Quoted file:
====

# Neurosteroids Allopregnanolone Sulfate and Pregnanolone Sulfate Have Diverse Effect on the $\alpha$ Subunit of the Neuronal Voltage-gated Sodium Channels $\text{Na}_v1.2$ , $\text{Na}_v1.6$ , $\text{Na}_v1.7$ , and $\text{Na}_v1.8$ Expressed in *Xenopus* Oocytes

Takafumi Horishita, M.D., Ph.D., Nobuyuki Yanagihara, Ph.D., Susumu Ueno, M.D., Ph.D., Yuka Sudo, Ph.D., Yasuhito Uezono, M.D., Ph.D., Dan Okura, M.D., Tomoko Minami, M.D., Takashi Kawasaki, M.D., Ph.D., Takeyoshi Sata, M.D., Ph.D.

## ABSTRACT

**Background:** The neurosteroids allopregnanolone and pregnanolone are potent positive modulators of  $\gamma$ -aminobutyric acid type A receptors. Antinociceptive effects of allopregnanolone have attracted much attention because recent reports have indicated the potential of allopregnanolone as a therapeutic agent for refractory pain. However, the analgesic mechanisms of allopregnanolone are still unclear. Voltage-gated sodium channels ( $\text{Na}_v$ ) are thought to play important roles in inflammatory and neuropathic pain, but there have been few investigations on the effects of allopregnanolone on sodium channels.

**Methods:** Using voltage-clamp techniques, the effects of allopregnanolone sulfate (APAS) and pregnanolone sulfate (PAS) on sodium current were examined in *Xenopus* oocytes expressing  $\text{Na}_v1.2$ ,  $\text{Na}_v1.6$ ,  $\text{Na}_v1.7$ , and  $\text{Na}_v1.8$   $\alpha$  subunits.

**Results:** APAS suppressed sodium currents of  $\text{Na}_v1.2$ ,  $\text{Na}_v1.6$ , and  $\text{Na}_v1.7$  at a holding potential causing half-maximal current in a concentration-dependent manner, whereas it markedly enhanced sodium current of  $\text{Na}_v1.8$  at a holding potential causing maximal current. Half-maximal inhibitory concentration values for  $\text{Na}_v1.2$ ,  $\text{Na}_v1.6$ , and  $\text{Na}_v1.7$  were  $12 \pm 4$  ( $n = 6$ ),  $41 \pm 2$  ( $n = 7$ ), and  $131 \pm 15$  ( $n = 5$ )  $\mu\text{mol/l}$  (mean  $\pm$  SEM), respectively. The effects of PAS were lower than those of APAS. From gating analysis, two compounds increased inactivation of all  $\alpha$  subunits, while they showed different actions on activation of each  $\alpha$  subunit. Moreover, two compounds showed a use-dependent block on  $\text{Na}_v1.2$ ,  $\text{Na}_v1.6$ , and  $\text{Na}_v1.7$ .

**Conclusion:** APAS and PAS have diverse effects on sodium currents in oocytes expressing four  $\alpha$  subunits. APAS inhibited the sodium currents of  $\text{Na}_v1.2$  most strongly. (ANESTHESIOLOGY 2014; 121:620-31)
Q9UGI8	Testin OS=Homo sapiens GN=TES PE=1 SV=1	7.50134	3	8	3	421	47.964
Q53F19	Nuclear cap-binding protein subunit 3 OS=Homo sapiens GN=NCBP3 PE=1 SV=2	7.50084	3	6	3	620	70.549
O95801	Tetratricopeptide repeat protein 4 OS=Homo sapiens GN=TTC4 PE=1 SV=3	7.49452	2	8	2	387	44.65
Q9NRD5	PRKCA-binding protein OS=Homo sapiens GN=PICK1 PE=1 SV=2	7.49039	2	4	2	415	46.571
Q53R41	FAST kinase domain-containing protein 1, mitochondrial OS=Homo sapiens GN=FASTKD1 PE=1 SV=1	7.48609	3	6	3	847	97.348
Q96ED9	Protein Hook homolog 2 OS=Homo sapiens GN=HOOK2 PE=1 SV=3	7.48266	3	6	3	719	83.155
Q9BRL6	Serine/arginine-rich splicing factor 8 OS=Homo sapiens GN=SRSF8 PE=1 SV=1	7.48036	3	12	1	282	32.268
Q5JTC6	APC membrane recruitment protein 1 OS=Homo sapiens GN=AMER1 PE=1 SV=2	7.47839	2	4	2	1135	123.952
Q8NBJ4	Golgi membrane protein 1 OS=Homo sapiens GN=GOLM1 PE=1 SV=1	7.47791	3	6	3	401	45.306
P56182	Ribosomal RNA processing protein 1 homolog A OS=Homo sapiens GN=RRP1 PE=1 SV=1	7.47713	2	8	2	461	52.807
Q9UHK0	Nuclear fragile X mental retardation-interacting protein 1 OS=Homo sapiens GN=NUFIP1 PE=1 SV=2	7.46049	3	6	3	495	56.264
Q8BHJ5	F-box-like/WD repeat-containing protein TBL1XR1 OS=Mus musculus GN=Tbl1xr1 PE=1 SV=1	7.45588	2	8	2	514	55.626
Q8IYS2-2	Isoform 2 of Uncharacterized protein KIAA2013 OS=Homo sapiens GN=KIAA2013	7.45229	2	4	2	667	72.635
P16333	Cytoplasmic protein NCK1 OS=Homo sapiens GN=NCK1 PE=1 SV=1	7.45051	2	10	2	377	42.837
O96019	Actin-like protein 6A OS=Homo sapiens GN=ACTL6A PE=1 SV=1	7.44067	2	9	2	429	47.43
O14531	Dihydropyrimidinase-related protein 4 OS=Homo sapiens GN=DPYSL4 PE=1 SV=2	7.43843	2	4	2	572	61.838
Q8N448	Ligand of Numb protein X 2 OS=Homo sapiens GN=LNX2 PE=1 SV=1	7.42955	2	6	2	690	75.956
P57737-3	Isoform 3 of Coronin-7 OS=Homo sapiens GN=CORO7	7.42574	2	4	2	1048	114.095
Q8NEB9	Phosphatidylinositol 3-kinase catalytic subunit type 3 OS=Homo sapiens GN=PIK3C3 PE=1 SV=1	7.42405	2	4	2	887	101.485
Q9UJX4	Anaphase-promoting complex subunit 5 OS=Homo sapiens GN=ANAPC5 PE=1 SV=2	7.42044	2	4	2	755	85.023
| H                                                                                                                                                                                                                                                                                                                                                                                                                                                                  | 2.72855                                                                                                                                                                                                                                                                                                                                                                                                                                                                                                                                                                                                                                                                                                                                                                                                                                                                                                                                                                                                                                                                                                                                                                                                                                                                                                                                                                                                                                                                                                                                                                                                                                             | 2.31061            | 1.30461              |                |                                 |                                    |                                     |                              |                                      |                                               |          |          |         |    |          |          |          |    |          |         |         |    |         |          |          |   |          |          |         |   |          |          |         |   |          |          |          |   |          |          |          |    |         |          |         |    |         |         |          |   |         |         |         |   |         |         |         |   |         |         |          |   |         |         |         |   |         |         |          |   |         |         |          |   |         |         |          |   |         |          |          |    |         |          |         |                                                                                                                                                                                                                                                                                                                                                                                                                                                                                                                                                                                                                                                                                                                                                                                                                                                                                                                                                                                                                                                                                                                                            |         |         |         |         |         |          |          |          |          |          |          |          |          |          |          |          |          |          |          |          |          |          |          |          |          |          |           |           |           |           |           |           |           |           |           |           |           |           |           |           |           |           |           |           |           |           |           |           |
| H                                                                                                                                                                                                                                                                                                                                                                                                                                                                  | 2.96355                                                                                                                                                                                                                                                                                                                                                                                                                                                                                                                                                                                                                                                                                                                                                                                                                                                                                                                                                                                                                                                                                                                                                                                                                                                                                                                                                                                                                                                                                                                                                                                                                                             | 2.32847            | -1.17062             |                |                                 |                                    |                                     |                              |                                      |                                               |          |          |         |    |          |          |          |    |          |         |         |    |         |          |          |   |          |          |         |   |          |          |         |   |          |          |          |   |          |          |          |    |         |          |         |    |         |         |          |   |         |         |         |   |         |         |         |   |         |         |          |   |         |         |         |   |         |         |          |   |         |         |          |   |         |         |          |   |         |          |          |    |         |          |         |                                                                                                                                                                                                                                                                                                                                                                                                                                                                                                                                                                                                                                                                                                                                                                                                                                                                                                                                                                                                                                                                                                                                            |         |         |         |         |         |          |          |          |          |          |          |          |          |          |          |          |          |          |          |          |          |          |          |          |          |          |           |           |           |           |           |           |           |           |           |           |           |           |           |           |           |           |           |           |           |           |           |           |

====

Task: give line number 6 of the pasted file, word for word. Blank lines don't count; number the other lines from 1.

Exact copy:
**Results:** APAS suppressed sodium currents of  $\text{Na}_v1.2$ ,  $\text{Na}_v1.6$ , and  $\text{Na}_v1.7$  at a holding potential causing half-maximal current in a concentration-dependent manner, whereas it markedly enhanced sodium current of  $\text{Na}_v1.8$  at a holding potential causing maximal current. Half-maximal inhibitory concentration values for  $\text{Na}_v1.2$ ,  $\text{Na}_v1.6$ , and  $\text{Na}_v1.7$  were  $12 \pm 4$  ( $n = 6$ ),  $41 \pm 2$  ( $n = 7$ ), and  $131 \pm 15$  ( $n = 5$ )  $\mu\text{mol/l}$  (mean  $\pm$  SEM), respectively. The effects of PAS were lower than those of APAS. From gating analysis, two compounds increased inactivation of all  $\alpha$  subunits, while they showed different actions on activation of each  $\alpha$  subunit. Moreover, two compounds showed a use-dependent block on  $\text{Na}_v1.2$ ,  $\text{Na}_v1.6$ , and  $\text{Na}_v1.7$ .